International Women’s Day means different things to different people, but the global focus on equality and celebration is clear. It was started by the Suffragettes in the early 1900’s and continues to be a powerful platform globally that unifies tenacity and drives action for gender parity, while celebrating the social, cultural, economic and political achievements of women.
"The men of the household are adored, feared, and revered, but it is the women who hold things together; their worries, quarrels, prayers, recipes, gardens and fierce love for the children lend House of Houses its rich texture."—The New York Times Book Review
Now in its 20th year, The National Education Association’s Read Across America is a year-round program that focuses on motivating children and teens to read through events, partnerships, and reading resources.
Fierce with Reality, a culturally diverse literary collection on aging, has been reissued by the editor, Margaret Cruikshank. The anthology highlights writings by women from late l9th century American literature to the present, and includes an essay by Pat.
Ranging from ancient Chinese poetry to Mary Oliver and Alice Walker, the anthology includes fiction, philosophical essays, personal essays, humor, analyses of ageism, and folktales from Asia and Iraq. Many facets of aging are explored, revealing the challenges and complexities of late-life experiences, and demonstrating that aging is both individual and social/cultural.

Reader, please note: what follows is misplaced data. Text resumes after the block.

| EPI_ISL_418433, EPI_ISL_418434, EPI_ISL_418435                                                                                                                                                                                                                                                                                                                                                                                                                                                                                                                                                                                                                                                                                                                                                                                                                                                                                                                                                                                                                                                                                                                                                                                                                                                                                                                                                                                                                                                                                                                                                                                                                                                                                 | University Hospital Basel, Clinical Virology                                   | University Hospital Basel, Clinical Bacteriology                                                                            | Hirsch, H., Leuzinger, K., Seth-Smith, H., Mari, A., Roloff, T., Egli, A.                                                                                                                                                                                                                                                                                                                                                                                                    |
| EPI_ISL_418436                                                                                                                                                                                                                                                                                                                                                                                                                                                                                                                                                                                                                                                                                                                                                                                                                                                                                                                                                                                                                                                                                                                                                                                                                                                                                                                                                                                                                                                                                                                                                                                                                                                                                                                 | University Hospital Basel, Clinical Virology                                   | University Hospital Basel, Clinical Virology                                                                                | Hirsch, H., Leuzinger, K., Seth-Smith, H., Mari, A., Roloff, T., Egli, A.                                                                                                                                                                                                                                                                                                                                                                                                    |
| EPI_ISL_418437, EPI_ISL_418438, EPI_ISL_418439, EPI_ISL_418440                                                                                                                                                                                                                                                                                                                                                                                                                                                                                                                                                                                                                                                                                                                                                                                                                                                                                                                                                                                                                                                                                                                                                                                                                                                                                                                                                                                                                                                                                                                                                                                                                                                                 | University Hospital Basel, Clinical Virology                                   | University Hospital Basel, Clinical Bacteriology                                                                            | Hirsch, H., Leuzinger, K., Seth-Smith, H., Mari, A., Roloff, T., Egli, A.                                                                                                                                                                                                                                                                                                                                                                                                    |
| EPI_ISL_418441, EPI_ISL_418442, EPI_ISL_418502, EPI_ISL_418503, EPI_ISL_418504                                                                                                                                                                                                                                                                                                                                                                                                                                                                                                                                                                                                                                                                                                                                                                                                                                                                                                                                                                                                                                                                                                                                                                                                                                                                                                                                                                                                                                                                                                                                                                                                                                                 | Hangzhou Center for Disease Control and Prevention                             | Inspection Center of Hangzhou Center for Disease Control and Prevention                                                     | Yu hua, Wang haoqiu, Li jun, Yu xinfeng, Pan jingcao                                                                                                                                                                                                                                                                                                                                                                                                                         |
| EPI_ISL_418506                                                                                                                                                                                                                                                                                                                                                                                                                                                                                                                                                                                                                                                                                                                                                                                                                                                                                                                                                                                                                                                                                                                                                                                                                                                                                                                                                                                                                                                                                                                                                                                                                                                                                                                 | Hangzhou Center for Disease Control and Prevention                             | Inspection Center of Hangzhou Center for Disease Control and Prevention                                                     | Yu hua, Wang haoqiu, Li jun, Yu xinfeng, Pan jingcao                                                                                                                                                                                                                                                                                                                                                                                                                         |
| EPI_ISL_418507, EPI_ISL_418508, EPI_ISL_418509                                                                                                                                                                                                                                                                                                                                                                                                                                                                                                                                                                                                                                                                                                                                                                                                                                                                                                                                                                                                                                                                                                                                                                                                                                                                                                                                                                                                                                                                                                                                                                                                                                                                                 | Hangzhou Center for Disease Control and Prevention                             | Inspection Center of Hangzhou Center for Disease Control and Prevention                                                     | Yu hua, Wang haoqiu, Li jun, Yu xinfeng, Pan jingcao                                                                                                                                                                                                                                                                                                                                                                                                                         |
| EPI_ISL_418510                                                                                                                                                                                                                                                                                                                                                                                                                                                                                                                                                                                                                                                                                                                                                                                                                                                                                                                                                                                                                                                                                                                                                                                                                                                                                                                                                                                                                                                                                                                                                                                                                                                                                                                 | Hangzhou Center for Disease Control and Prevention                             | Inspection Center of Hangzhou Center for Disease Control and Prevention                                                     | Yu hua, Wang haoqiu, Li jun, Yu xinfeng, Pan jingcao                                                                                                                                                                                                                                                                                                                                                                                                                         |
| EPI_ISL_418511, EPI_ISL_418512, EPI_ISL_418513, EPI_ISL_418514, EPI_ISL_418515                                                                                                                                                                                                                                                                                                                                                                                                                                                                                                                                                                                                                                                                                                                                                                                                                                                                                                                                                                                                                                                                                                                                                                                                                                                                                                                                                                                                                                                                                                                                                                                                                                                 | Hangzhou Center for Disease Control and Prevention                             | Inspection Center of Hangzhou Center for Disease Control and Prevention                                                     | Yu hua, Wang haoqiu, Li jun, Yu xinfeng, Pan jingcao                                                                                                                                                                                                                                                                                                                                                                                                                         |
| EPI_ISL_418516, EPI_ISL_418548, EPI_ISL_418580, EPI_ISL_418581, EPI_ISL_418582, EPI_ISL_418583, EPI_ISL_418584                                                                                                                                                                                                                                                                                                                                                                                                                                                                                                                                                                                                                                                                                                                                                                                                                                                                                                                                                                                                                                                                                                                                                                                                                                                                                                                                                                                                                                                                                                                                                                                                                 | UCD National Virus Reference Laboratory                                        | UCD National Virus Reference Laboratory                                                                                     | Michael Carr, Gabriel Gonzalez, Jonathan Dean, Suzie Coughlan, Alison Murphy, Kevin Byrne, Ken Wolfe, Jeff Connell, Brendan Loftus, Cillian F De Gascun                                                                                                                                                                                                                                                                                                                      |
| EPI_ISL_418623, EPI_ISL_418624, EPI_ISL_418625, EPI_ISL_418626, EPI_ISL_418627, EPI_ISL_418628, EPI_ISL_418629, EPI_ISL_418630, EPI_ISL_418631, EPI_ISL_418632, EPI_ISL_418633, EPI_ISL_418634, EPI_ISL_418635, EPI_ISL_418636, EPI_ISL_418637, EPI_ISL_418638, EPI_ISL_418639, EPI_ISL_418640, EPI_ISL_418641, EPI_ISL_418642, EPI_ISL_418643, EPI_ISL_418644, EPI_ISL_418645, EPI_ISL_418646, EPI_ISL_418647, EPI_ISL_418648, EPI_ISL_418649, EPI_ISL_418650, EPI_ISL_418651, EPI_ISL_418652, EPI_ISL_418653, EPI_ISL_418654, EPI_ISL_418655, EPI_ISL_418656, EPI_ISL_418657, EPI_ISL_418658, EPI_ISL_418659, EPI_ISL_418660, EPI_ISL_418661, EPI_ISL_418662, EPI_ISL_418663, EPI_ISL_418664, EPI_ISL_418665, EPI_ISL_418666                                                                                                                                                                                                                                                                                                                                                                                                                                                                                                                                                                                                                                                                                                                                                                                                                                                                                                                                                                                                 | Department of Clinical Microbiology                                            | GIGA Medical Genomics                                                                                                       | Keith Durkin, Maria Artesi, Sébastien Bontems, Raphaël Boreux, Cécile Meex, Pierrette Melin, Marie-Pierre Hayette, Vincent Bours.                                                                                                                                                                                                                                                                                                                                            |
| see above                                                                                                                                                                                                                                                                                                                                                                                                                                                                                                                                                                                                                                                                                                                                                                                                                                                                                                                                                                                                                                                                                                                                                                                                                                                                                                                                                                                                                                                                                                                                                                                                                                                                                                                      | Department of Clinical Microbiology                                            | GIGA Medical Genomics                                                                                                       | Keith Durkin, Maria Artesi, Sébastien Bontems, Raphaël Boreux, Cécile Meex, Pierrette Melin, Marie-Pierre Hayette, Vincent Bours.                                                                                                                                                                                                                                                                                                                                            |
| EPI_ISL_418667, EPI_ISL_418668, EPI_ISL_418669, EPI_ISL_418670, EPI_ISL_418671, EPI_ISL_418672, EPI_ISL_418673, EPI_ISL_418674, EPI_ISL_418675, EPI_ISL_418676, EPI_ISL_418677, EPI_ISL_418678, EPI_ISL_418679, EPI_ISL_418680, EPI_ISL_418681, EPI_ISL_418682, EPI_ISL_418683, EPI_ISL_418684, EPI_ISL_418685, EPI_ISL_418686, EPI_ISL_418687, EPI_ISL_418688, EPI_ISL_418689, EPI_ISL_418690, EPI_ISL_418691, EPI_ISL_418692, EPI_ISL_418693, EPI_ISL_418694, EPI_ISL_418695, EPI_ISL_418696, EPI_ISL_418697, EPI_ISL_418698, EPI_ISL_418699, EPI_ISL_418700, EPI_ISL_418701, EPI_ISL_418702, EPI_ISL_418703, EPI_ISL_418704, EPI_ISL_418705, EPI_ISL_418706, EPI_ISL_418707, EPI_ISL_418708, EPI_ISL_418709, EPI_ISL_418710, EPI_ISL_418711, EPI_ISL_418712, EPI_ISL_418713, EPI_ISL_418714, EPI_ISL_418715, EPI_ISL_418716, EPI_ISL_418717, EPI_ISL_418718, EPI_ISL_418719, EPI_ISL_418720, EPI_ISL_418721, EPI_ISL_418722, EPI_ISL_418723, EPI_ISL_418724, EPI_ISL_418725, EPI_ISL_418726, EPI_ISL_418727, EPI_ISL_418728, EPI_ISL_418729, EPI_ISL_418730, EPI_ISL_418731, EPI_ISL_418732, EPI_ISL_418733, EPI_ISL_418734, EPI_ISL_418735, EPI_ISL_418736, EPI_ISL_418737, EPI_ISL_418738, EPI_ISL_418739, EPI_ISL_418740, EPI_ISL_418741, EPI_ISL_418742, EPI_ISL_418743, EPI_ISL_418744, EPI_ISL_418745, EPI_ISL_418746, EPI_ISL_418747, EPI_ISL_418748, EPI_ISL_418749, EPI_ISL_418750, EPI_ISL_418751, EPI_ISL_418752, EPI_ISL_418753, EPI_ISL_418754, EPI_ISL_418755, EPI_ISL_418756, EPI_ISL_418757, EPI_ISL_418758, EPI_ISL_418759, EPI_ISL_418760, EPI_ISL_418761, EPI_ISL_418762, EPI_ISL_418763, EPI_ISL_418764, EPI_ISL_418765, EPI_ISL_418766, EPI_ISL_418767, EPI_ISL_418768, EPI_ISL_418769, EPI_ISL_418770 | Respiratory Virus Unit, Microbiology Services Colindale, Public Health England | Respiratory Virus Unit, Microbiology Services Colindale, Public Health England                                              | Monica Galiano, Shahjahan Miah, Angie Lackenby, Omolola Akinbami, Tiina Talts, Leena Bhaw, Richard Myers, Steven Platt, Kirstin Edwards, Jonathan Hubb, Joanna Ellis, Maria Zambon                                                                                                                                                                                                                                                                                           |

I recently had an amazing conversation with Andrea Davis Pinkney, the author of A Poem for Peter and other award-winning books. She shared this with me:
“When kids see a child that looks like them on the cover of a book, they see that they are important. But when they don’t see themselves reflected, they don’t get to know that they matter. When they don’t see themselves depicted, they don’t get to see that they count. And I think that’s the importance of diversity: kids see what they see, and they don’t see what they don’t see.”
Andrea’s words echo what we hear from the educators First Book serves: 90% of First Book educators say their students would be more enthusiastic readers if they had access to books with characters, stories, and images that reflect their lives.
When children read more, the greater the likelihood that they will succeed in school, and subsequently, in life. Unfortunately, the lack of diversity in children’s books is staggering.
First Book’s Stories for All Project™ addresses the lack of inclusivity in children’s books by providing kids in need with books representing diverse characters, voices and life circumstances. Promoting understanding and empathy through stories helps children see and celebrate their similarities and differences.
You can help children be seen. Donate to First Book today to help create an empathetic and inclusive generation. When you donate, tell us where you want Stories for All Project™ to be distributed. Open up a world of possibilities for kids in your community.
The twentieth Anniversary of Tomás and the Library Lady? How is this possible? As I say in the Tomás section of my site, I had the pleasure and honor of knowing Dr. Tomás Rivera. What an inspiration as many of us work as he did to create an inclusive country, a true democracy. Onward together. Pat